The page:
Legislature(2001 - 2002)
04/22/2002 01:43 PM JUD
* first hearing in first committee of referral
= bill was previously heard/scheduled
= bill was previously heard/scheduled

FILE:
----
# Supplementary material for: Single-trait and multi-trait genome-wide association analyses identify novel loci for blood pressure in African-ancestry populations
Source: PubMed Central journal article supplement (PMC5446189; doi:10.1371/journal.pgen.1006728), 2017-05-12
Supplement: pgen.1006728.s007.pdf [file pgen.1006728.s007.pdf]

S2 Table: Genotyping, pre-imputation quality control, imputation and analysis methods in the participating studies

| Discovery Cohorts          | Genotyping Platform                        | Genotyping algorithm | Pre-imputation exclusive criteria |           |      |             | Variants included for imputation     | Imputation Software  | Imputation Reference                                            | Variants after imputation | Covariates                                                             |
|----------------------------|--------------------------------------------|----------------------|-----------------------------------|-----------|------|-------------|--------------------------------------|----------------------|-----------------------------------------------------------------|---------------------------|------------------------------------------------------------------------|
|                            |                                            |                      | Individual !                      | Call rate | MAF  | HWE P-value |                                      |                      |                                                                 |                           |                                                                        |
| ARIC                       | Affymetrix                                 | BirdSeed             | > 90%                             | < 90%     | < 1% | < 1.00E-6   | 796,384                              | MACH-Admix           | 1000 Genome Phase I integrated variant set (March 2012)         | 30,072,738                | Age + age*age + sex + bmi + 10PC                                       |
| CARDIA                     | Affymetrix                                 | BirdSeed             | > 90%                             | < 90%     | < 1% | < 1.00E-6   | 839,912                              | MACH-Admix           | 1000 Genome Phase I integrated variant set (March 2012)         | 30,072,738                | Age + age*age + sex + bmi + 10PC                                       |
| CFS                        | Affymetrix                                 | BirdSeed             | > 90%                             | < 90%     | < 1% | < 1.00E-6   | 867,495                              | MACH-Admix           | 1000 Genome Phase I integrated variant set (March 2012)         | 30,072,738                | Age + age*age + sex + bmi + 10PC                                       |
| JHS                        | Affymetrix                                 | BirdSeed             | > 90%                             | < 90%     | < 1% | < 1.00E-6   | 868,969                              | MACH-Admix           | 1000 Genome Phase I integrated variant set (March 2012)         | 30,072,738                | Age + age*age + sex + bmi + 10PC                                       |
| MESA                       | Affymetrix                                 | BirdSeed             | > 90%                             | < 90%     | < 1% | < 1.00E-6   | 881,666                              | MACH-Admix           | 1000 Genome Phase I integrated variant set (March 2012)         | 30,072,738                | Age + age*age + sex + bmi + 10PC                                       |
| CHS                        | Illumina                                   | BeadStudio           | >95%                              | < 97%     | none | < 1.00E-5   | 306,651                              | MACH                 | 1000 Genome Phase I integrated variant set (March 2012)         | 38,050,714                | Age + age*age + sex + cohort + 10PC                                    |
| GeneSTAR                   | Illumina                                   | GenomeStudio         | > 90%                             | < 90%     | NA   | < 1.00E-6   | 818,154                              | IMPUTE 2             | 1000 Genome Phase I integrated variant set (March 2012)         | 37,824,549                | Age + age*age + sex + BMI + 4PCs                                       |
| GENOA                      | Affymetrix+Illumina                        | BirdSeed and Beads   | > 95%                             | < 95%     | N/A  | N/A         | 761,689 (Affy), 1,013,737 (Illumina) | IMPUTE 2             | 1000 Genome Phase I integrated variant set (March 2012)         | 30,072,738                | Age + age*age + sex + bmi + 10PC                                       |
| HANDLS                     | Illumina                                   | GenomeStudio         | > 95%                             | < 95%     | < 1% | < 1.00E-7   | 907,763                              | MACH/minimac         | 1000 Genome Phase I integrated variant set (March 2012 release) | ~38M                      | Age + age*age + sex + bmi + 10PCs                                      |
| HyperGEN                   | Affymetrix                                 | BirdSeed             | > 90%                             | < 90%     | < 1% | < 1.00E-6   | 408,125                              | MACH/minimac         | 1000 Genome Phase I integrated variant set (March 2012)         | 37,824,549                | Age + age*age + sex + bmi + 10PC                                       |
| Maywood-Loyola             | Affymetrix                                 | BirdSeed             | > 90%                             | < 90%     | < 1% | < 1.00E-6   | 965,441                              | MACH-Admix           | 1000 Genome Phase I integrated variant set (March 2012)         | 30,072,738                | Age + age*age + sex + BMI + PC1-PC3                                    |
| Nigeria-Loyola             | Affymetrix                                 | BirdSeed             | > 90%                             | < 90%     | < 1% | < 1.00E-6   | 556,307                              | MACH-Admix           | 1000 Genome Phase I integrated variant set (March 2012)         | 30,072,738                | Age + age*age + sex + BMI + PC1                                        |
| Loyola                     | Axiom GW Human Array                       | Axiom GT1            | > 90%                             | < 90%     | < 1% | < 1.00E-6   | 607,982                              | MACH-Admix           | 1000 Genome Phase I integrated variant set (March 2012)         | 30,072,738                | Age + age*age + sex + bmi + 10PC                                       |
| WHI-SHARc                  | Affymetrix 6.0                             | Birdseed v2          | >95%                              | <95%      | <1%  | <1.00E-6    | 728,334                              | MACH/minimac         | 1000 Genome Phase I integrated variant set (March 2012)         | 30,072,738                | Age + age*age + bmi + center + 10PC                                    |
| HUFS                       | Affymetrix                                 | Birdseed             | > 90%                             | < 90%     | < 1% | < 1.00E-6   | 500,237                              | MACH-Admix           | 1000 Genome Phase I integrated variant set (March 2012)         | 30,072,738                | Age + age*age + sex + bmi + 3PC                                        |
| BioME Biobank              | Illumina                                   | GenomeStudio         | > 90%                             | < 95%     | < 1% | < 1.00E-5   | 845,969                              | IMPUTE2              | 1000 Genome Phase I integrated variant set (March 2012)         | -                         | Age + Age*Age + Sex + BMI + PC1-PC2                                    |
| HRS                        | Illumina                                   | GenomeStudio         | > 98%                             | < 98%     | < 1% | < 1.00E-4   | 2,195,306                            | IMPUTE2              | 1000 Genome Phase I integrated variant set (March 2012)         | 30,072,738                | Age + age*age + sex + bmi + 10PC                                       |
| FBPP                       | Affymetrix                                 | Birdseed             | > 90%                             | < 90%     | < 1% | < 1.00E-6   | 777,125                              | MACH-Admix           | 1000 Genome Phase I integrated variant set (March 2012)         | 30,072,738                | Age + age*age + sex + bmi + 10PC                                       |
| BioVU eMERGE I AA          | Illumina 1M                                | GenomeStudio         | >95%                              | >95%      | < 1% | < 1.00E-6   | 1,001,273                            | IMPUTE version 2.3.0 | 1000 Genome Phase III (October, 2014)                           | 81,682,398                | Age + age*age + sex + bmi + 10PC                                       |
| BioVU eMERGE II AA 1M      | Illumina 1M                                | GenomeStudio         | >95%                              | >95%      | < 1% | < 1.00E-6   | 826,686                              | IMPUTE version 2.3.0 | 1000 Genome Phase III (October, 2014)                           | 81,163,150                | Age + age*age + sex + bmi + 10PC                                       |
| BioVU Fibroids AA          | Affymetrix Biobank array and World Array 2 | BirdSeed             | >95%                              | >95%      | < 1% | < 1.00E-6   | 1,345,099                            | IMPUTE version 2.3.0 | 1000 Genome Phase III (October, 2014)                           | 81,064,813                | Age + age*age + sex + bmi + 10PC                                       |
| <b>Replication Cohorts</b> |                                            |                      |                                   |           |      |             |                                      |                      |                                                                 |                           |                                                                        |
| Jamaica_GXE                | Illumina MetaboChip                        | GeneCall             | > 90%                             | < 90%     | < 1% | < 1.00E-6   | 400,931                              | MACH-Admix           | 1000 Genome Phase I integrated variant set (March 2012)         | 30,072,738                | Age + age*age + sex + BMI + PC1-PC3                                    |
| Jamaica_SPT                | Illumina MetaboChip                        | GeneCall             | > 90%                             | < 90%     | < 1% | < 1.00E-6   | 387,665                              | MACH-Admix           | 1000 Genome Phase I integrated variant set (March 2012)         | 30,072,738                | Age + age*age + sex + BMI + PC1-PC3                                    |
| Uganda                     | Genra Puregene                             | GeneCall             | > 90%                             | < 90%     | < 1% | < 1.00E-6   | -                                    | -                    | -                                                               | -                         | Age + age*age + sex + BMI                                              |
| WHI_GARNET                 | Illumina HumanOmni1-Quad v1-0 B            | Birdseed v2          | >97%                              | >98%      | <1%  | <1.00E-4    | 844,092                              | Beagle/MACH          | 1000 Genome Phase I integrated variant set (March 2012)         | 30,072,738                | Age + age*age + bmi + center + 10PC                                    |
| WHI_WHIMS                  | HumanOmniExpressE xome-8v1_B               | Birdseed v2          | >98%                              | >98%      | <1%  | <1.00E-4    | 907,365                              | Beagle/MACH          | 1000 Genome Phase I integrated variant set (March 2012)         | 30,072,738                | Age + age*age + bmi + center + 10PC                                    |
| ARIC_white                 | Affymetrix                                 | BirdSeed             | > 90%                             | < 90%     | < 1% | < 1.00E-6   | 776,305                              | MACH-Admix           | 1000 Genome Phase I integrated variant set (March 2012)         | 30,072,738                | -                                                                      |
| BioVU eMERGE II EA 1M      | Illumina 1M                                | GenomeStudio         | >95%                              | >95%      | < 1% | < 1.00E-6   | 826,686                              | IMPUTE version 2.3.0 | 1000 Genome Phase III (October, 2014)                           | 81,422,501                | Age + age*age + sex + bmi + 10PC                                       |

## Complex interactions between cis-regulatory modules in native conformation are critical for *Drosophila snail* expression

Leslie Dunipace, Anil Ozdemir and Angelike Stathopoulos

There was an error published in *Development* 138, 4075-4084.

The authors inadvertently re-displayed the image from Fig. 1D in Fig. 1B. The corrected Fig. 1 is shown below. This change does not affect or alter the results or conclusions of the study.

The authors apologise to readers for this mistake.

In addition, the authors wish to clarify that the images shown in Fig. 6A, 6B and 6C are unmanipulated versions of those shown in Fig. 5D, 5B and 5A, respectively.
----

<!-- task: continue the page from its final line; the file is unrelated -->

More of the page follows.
HB 246 - OMNIBUS INSURANCE BILL Number 1900 CHAIR ROKEBERG announced that the next order of business would be HOUSE BILL NO. 246, "An Act relating to confidentiality of records and to cease and desist orders of the division of insurance, to insurance company investments, to unauthorized insurers, to surplus lines insurance, to health insurance, to life insurance, to annuity insurance, to consumer credit insurance, to title insurance, and to hospital and medical service corporations; and providing for an effective date." [Before the committee was CSHB 246(L&C).] Number 1889 AMY ERICKSON, Staff to Representative Lisa Murkowski, House Labor and Commerce Standing Committee, Alaska State Legislature, said, on behalf of the sponsor, the House Labor and Commerce Standing Committee, that HB 246 makes corrections and clarifications to the insurance statutes. She elaborated: The main areas addressed are: regulatory structure of multiple [employer] welfare arrangements [MEWAs]; confidentiality of records; late payments for premium taxes; annual fees to operate joint insurance arrangements; revisions to property-casualty guaranty fund assessments; and stop-loss insurance standards. This is non-controversial; we've had no opposition in the process, and the Division of Insurance can testify to that as well. CHAIR ROKEBERG noted that there is a proposed amendment, hereafter known as Amendment 1, which read [original punctuation provided]: Page 9, Line 6: Insert a new bill section to read: *SEC. 23. AS 21.27.330(b) is amended to read: (b) If a licensee that is a firm transacts business at more than one place of business, [IN THIS STATE], the licensee shall pay a license fee or each place of business that transacts business in this state or relative to a subject resident, located or to be performed in this state. Number 1849 KATIE CAMPBELL, Actuary L/H, Central Office, Division of Insurance, Department of Community & Economic Development (DCED), said that [Amendment 1] corrects a drafting error in legislation passed last year, clarifying that any branch office that is actually transacting business in Alaska shall pay a licensing fee. CHAIR ROKEBERG noted that [Amendment 1] will affect the statute related to the Gramm-Leach-Bliley Act (GLBA). MS. CAMPBELL confirmed this, adding that last year's bill changed the provision so that instead of every single branch location being licensed, it would just be the main office that receives a license, and then the branch offices would pay a fee. The intent was to not change the fee structure, but the words "in this state" were mistakenly added, and this created some interpretation problems; [Amendment 1] removes that language. CHAIR ROKEBERG asked Ms. Campbell to explain to the committee what a MEWA is and why there is substantial language pertaining to MEWAs. MS. CAMPBELL said: A multiple employer welfare arrangement [MEWA] is ... defined under ... federal ERISA [Employee Retirement and Income Security Act of 1974] laws, and it's basically [when] two or more employers can get together and form a pool for purposes of issuing or offering health insurance coverage to their employees. And under our current regulatory structure, those [MEWAs] would have to be licensed as insurance companies, and there's quite onerous standards there: they'd have to have $2 million in capital and surplus, which is quite high; there's financial reporting requirements; reserving requirements; and things that just don't make sense for that entity. And so what this bill does is it sets up an appropriate regulatory structure for them, to encourage them to operate in the state and provide a little bit of competition and ability for the employers to pool for health insurance purposes. Number 1729 REPRESENTATIVE JAMES asked Ms. Campbell if she is saying that these employers come together and become the insurer. MS. CAMPBELL said that if [employers] self fund, that is true; they form these arrangements and they become an insurer. She noted that some employers actually go out and purchase an insurance policy to cover the plan. REPRESENTATIVE JAMES opined that being an insurer is a lot different than purchasing something from a licensed insurer. She asked why these employers that become insurers don't need a license, since [regular] insurers must be licensed. MS. CAMPBELL said: "They would need a license, and that's what this is setting up; it's a separate chapter that deals with that specific type of business that they're engaging in." CHAIR ROKEBERG mentioned that there is a MEWA being formed in Fairbanks now. What this is, he added, is a group of businesses getting together and becoming, basically, an underwriter, and "we would like to be able to encourage that"; thus these provisions have been included in HB 246. Unfortunately, the division currently has to look at this group as if it were a full-blown insurance underwriter, which requires meeting very high solvency standards. He asked whether the Division of Insurance is going to be promulgating regulations, or if HB 246 contains the standards. MS. CAMPBELL said that the standards would be in the bill. CHAIR ROKEBERG mentioned that the solvency standard will be lowered to $200,000, which is a huge difference, with the intent of encouraging MEWAs to form and essentially become their own underwriters. REPRESENTATIVE JAMES mentioned that she would like to encourage that as well; "we have a real struggle with people not even being insured at all." However, she remarked, she doesn't know where the controls are for the financial requirements that determine whether a group can function as a MEWA. She opined that there ought to be some requirement that a group show it can follow through with the plan it engages in. Number 1618 MS. CAMPBELL said that the provisions in proposed AS 21.85 will create a new chapter in statute for MEWAs. This proposed chapter lays out very specific requirements regarding licensing, financing, certification by an actuary, stop-loss insurance, and financial reporting. REPRESENTATIVE COGHILL asked about the provision regarding membership for MEWAs in the Comprehensive Health Insurance Association. MS. CAMPBELL said that that provision was added because "if we have a separate license for [MEWAs], they wouldn't be considered a member as an insurer, so we have to mention them separately as a member." Thus MEWAs would be assessed for the Comprehensive Health Insurance Association as well, she added. CHAIR ROKEBERG referred to the stop-loss insurance provisions [Section 35] located on page 13. He asked why the entities listed therein may not issue a stop-loss insurance policy "that has an annual attachment point of claims incurred for each individual that is lower than $10,000". MS. CAMPBELL replied: If you have a self-funded or a self-insured employer, and they're taking the risk and paying for health claims directly, they will go out and buy a stop-loss insurance policy to cover excess losses. So if there's excessively large claims, or [an] excessive number of claims, they have insurance to cover themselves.... This is saying, for any particular individual, if they have a loss over $10,000, the insurance would kick in to protect the employer because they don't want to take as much risk. And when that drops down too low, you end up having a situation where it's basically health insurance they're purchasing instead of excess loss insurance. Number 1476 CHAIR ROKEBERG said: "But you could have a plan ... that ... didn't kick in until [$5,000] or $10,000, if you offered that as part of your menu selection to employees, for example, where you had a deductible that was [$5,000 or $10,000], to lower the cost." MS. CAMPBELL indicated that situation would not be affected by the provision in Section 35. CHAIR ROKEBERG remarked that about the only way people can afford to have insurance anymore is to have high deductibles. REPRESENTATIVE JAMES, referring to lines 18 and 19 of page 13, asked whether there are any health maintenance organizations licensed under AS 21.86. MS. CAMPBELL said that currently there are none, but noted that the statutory language is in place should any ever form in the future. CHAIR ROKEBERG remarked that so much legislation has been adopted regarding HMOs (health maintenance organizations), it is unlikely that any ever will form in Alaska. He added, "I wish we had an HMO as another alternate form of health care services in the state." REPRESENTATIVE JAMES indicated that she is not in favor of HMOs because of their behavior. CHAIR ROKEBERG said: They're ... not all bad guys. Let's blame the U.S. Congress for our health care problem, because they won't reimburse Medicare and Medicaid to a reasonable point, and that's what's called the phantom health tax in this country, and that's the problem in this country; it's not so much the HMOs or the health care providers - it's our politicians. Number 1352 BRUCE GALE, Employee Benefit Consultant, Willis of Alaska, Inc., testified via teleconference. He said: I would like to talk to the committee about, first, the provisions concerning stop-loss insurance, on page 13. And I believe the aggregate attachment point requirements in today's hard stop-loss market are somewhat unrealistic. For the past two years, it has been almost impossible to find an aggregate attachment point of 120 percent, for any large employer. The lowest we have been able to obtain in the marketplace is 120 percent. And I notice that [paragraph (3)] for a large employer is lower than 110 percent of expected claims. We have not been able to obtain those kinds of aggregate attachment points for the last three years in the stop-loss market. The number of carriers that are offering stop-loss insurance, both specific and aggregate - nationwide, not just in the state of Alaska - to employers of under 1,000 lives, has shrunk considerably. Those insurance carriers that are offering stop-loss insurance to these types of MEWA arrangements are very few. Right now I believe we have two alternatives - ... possibly three - in the state, where we could approach them for such insurance coverage. I appreciate that the legislature or the [Division] of Insurance is trying correct some deficiencies ... in earlier drafted legislation. I would like to remind the committee that there is current Alaskan insurance law that allows for banding together of various groups or employers strictly for the purpose of insurance to be outside the law, ... [but] there must be some other commonality in those groups - an association, a professional association, et cetera. I would also like to state that in most of the MEWA arrangements that I have been involved in, these arrangements are operated through a 501(c)(9) trust, which is a tax-exempt trust under the IRS [Internal Revenue Service] regulations. These trusts are governed by a board of trustees that are held to a fiduciary requirement - or standard - by ERISA. They purchase ERISA-required bonding. They are required to provide an annual statement - certified statement - by an auditor. They hire, as a matter of course, a trust auditor, a trust attorney, and a trust consultant. Number 1190 MR. GALE referred to proposed SEC. 21.85.060 found on page 30, line 29, which read in part: Investments. A multiple employer welfare arrangement shall maintain an amount at least equal to 85 percent of net unpaid claim liability in ... cash and ... equivalents; ... fully insured portion of a bank deposit when the insurance is provided by a solvent agency of the United States government ...; a bank certificate of deposit ...; ... savings account...." MR. GALE said, "I believe what we're talking about here is what in the industry is known as 'incurred but no reported claims liability (IBNR),'" defined as those claims that were incurred prior to the termination date of the coverage, but presented for payment afterwards; those claims would be covered by this reserving. Referring to line 27 of page 30, which says, "30 percent of unpaid claim liability", he stated: I don't quite understand what that means. I believe a sufficient IBNR reserve should be in the area of 25 percent of annual health claims. And even that, in today's market, would be considered a rather conservative reserving amount, as today claims tend to turn much quicker than they have in the past. But I would like some clarification of the amount of reserves to be established and the 85 percent. I assume what the [division] would like to have is confirmation that, in fact, these cash reserves exist and are available to the trust. CHAIR ROKEBERG referred back to the stop-loss provisions on page 13. He asked Mr. Gale if the 120 percent and the 110 percent were the only figures that he took issue with, and if he could recommend any other percentages instead. MR. GALE said: "I would change those numbers to '125 percent of expected claims', for both line 27 and line 31." CHAIR ROKEBERG requested confirmation that this suggestion "has to do with attainability and you're having difficulty even getting those numbers." MR. GALE said yes; "I would state that that is almost an impossibility in today's marketplace as opposed to just difficult," he added. CHAIR ROKEBERG asked Mr. Gale whether he had any problems with the other provisions regarding the "attachment point numbers." Number 1003 MR. GALE said: I would have to work those out. Four thousand dollars seems, just as a gut reaction, to be relatively low. In Alaska, our costs tend to run higher than most states in the Lower 48. The $20,000, of course, would depend upon the number of people covered by the trust, and I would venture to say that a $20,000 figure might be adequate for three or four people. And the cost associated with establishing and maintaining a MEWA - that's a totally unrealistic figure, in my opinion. CHAIR ROKEBERG asked Mr. Gale to clarify which figure he is referring to regarding MEWAs. MR. GALE said: The figure on line 29 [of page 13], the $20,000 for [an] expected claim figure, which I assume is what that number refers to. Mr. Chairman, it appears to me ... the regulations for the proposed bill [are] trying to say ... that the aggregate attachment point would be $4,000 times the number of individuals - my copy has a typo; I assume that's "of", not "if" - covered under the health benefit plan. In other words, we would have a hard-dollar figure for the maximum claims paid per individual per year under the policy, and that number would depend entirely upon the benefits that are actually covered by the aggregate insurance. Some self-funded clients elect to cover only medical and prescription drugs, while others would include medical, prescription drugs, dental and vision claims, so that number would be suspect. And I believe, since that would result to less than some $350 - $375 per employee per month, that appears low to me. The number shown under [subparagraph] (C) in line 29 appears to be an alternative, saying that the aggregate stop-loss attachment point, overall for a year for a group, would be $20,000. This again, to me, would be an extremely low number, and probably there should not be a reference to an overall minimum or maximum because this would depend entirely upon the number of people covered by that policy. Number 0877 MS. CAMPBELL, in response, said: These are actually minimums, so if the availability in the market is that you can't get anything under 125 [percent], this is not saying that you have to have these. This is just saying, if you could get that, you can't get any lower than what is here; it's trying to prevent something from becoming health insurance. The other point is that these figures ... and these provisions are based off of a National Association of Insurance Commissioners' model law, and that was highly debated on the national level, and there was an actuarial firm that they had hired to look at these limitations to make sure that they were reasonable. And when you have, in the first part, a small employer - ... someone with 2 to 50 employees - you could have a small group out there with 2 employees. And that's why there's a $20,000 minimum, because it wouldn't make any sense to say $4,000 times 2 and say you could have [an] $8,000 aggregate stop-loss limit. So, ... it's the [lower] of the greater of all of those. CHAIR ROKEBERG asked Ms. Campbell to comment on Mr. Gale's remarks regarding pages 30 and 31. MS. CAMPBELL said: In [regard] to the 30 percent of unpaid claim liability in the minimum reserving section on page 30, line 27, there's ... an "or" there to allow for a different amount if it's certified by an actuary that that's the appropriate reserve level. So we felt like we've covered that; that 30 percent may be ... perhaps more conservative than 25 [percent], but if it's certified by an actuary that you can have something less than that and that's appropriate, then it would be okay. The investment section is basically saying what types of securities you have to put your money in, so that you can feel safe that you're actually going to have the money if ... and when you need it. Number 0731 REPRESENTATIVE BERKOWITZ, referring to the minimum reserve provision, noted that reserves must equal the greater of either 30 percent of the unpaid claim liability or the amount recommended and certified by a qualified actuary. MS. CAMPBELL indicated that she stands corrected; it is the greater of those two amounts, rather than the lower. CHAIR ROKEBERG suggested changing the amount [on line 27 of page 30] to 25 percent, as recommended by Mr. Gale. He asked Ms. Campbell to comment. REPRESENTATIVE BERKOWITZ noted that this recommendation comes from only one person. MS. CAMPBELL said that according to her understanding, on a nationwide basis, a lot of MEWAs have struggled financially, and that is why the states have been given specific authority to regulate them; it's because they have gone under and left people without health insurance and with unpaid claims. The reserves are intended as a safety valve, she explained, to make sure that MEWAs have the money necessary to pay claims. REPRESENTATIVE BERKOWITZ noted, "It seems to me [that] the consequence ... of not having ... [reserves] at all, is that ... then you run the risk of ... not having any insurance at all." CHAIR ROKEBERG asked: "Why not allow for a small section of equity investments in their whole portfolio?" MS. CAMPBELL pointed out that proposed Sec. 21.85.060 only specifies how 85 percent of net unpaid claim liability is invested; the other 15 percent of that liability could be invested in other ways. REPRESENTATIVE BERKOWITZ asked why is it 85 percent? Where does this [number] come from? MS. CAMPBELL said, "Much of this is based off of existing state laws that have MEWA laws on the books, and that provision - ... that percentage - came from Montana; ... they've had ... [MEWA] laws on their books for some time and haven't had any issues with it." CHAIR ROKEBERG asked if the division stipulates the percentage of investment and the method of investment for other regulated insurers. Number 0557 MS. CAMPBELL said, "Yes, we do; in fact, ... last year the legislature passed HB 184, and then regulations were adopted specifically to insurance company investments, telling them where they can put their money." REPRESENTATIVE BERKOWITZ said that it seem to him that "the lower you go, the more people get insured; ... the lower these numbers are, the more MEWAs could exist." MS. CAMPBELL asked Representative Berkowitz if he is talking about the reserving levels. REPRESENTATIVE BERKOWITZ said yes. MS. CAMPBELL replied: "It's just the lower amount of money they actually have to have sitting there to pay claims when they need it. I don't know that that means that more people could afford it." CHAIR ROKEBERG said: "This is the degree [of] risk you want to have on ... the retained capital base." REPRESENTATIVE BERKOWITZ offered that he did not know whether "this is as low [or as high] as you can prudently go, for the degree of risk." CHAIR ROKEBERG indicated that he is surmising from the testimony that the department is taking a conservative stance because of the failure rate of the MEWAs. On the other hand, he added, "we want to try to encourage them too." Number 0420 REPRESENTATIVES BERKOWITZ and JAMES made a motion to adopt Amendment 1. There being no objection, Amendment 1 was adopted. Number 0413 REPRESENTATIVE JAMES moved to report CSHB 246(L&C), as amended, out of committee with individual recommendations and the accompanying zero fiscal note. There being no objection, CSHB 246(JUD) was reported from the House Judiciary Standing Committee.